By tying Israel's hands over Rafah, US distancing hostage deal

Opinion: Hamas sees Israel has no leverage left in negotiations after concessions made, leaving Rafah its remaining bullet and that has no become a dud; only talk of day after war can change US position 

U.S. President Joe Biden's confirmation on Wednesday about delaying the shipment of munitions for the IDF, amid the administration's opposition to an offensive on Rafah, and the testimony given by U.S. Secretary of Defense Lloyd Austin to Congress, about the reassessment of military aid shortly "in the context of events unfolding in Gaza," underscores the magnitude of the crisis facing Israel and the United States, especially during critical negotiations for the release of hostages.
Ironically, the restrictions that the Americans are seeking to impose on the Israeli operation in Rafah are likely to hinder any progress or breakthrough in negotiations with Hamas for a ceasefire. Hamas insisted on terms that no country has agreed to.
2 View gallery
תיעוד: כניסת כוחות צוות הקרב של חטיבה 401 למעבר רפיח בצידו העזתי
תיעוד: כניסת כוחות צוות הקרב של חטיבה 401 למעבר רפיח בצידו העזתי
IDF forces at the Rafah crossing
(Photo: IDF Spokesperson's Unit)
Leaders of the terror organization, both in Gaza and abroad, understand that Israel's hands are tied due to American pressure. This means that Israel lacks real leverage to influence the indirect negotiations with Hamas after it has already agreed to the return of displaced Gazans to their homes, agreed to withdraw forces from civilian population centers, and to release convicted terrorists with blood on their hands.
While the operation in Rafah continues, it is certainly not approaching the scale of the operation that took place in Khan Younis in December. It is a limited operation, and due to heavy American pressure, Prime Minister Benjamin Netanyahu agreed to resume the transfer of humanitarian aid through the Rafah crossing, which the IDF seized.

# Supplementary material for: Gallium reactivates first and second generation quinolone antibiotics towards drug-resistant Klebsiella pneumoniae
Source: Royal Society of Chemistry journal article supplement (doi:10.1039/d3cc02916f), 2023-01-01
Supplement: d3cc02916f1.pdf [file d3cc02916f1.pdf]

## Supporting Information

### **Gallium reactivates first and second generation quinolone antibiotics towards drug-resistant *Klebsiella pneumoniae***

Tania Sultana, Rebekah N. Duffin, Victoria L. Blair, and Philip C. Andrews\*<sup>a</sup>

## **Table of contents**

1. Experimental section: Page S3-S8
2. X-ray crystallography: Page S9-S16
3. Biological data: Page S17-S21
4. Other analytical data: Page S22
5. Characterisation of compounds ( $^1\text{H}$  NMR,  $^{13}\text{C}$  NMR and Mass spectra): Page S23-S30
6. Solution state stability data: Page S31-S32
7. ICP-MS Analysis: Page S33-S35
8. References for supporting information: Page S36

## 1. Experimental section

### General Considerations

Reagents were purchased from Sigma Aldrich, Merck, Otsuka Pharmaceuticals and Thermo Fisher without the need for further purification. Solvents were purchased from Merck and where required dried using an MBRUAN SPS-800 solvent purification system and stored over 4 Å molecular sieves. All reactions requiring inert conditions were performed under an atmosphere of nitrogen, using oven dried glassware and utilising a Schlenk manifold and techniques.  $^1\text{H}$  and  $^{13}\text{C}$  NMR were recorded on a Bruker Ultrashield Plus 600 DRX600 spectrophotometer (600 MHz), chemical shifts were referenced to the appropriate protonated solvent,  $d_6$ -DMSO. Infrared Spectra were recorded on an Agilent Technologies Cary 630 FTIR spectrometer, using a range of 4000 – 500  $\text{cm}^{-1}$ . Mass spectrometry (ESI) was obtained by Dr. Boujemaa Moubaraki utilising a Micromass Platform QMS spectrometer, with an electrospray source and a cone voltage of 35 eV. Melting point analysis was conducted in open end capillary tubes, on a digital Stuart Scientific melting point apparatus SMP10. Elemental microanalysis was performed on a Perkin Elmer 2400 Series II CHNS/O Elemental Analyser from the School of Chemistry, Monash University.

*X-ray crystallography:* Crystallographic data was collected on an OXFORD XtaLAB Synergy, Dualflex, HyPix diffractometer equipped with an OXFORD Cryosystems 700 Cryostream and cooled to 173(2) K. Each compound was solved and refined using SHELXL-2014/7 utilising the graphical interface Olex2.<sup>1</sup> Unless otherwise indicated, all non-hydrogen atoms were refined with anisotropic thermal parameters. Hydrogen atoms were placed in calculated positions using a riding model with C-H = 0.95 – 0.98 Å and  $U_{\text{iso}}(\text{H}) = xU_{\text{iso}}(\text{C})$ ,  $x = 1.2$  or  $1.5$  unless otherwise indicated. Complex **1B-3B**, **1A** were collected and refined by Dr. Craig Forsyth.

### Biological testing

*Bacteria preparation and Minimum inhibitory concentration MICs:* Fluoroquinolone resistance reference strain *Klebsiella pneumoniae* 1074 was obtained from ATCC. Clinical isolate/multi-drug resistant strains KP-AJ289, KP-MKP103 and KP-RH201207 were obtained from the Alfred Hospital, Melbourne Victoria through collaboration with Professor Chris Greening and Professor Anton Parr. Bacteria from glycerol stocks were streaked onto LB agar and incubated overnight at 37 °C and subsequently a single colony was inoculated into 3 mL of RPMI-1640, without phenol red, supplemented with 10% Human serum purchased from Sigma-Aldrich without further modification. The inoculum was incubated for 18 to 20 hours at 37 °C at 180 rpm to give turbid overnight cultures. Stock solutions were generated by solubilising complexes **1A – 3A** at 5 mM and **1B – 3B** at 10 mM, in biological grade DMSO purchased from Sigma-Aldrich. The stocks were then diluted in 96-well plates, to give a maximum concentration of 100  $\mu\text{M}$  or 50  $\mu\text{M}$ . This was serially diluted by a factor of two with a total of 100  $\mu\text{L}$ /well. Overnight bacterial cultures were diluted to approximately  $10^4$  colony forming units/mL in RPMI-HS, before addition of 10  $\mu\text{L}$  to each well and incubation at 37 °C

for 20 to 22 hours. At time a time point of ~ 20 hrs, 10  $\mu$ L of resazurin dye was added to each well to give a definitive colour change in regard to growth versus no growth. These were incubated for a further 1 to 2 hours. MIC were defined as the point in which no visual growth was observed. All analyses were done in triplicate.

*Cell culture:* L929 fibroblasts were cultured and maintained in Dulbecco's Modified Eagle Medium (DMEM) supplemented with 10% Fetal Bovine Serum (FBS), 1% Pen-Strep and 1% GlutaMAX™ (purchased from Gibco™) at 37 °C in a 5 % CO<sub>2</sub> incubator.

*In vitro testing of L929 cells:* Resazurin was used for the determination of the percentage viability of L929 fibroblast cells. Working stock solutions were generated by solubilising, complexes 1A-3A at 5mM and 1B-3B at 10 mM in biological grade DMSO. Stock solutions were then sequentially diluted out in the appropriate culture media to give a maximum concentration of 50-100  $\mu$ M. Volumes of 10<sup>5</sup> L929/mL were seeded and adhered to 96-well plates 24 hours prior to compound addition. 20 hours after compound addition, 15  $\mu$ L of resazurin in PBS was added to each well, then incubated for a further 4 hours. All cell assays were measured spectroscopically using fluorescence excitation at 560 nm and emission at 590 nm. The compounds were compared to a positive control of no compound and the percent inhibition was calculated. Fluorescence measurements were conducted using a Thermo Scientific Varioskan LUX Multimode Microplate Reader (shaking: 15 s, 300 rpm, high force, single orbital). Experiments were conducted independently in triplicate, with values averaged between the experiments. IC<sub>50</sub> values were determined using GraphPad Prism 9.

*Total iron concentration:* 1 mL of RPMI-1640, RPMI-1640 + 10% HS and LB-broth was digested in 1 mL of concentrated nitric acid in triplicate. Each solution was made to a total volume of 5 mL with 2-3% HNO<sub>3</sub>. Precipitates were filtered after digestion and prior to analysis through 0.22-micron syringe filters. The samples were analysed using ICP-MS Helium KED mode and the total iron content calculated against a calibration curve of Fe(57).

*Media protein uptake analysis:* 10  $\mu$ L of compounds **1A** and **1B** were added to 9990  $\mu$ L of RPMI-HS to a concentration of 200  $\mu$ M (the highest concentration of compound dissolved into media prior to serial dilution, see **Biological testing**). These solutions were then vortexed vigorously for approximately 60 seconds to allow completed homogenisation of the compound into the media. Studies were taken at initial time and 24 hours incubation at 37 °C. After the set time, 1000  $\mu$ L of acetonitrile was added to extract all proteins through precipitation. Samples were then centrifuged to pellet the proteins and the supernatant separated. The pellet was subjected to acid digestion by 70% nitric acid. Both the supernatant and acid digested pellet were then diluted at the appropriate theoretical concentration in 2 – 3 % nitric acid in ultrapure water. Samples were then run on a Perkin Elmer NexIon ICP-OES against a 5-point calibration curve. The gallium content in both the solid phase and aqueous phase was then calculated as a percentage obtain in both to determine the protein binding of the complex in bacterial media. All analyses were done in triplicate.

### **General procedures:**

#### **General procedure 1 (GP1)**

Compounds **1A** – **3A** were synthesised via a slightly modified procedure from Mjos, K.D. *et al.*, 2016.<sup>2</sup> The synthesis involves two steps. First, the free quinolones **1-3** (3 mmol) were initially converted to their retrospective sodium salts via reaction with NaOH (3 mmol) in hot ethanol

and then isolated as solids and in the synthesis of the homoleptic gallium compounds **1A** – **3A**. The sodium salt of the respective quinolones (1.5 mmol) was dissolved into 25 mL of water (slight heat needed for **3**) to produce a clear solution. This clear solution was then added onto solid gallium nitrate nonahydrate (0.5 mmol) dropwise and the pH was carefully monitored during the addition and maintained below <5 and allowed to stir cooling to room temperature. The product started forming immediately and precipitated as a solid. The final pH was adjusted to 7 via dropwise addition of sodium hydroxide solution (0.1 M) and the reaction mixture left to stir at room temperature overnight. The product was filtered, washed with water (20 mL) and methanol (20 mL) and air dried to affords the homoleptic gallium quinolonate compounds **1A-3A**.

The administration's position likely stems from the desire to appease the Democratic and particularly progressive voter base ahead of the presidential elections in addition to a genuine concern for civilian lives while some one million Gazans have sought refuge in Rafah.
The pressure on Israel in this regard has caused Hamas to insist on its outrageous demands in talks for the release of captives and to try to intensify the fighting. The continuation of fighting in the south naturally affects the north, where Hezbollah is attempting, unfortunately with some success, to target IDF soldiers stationed near the border, not to mention the fact that the north has been emptied of its residents.
2 View gallery
רפיח עזה
רפיח עזה
Rafah, Gaza
(Photo: AFP)
The potential for escalation in the north is enormous, and Hezbollah has already said that it will attack Israel as long as the fighting in Gaza continues. In other words, here too, by restraining Israel in Gaza, the White House is hampering any possibility of calm in the north, not just in the south.
There are ways to get out of the current deadlock with Washington. One of them, of course, is to have a closer dialogue with the administration over the day after the war in Gaza. Perhaps if Israel under Netanyahu had said something about the presence of the Palestinian Authority in Gaza on the day after, it would have also prompted Washington to increase pressure on Hamas, whether through Qatar or by giving Israel the green light for a broader operation.
However, after all the threats and promises of a "total victory" made by Netanyahu, a broad offensive on Rafah is Israel's last bullet to use in the negotiations with Hamas, but as long as the Americans do not support such action, it is clear to all sides that even this last resort is a dud.
<< Follow Ynetnews on Facebook | Twitter | Instagram | TikTok >>
The commenter agrees to the privacy policy of Ynet News and agrees not to submit comments that violate the terms of use, including incitement, libel and expressions that exceed the accepted norms of freedom of speech.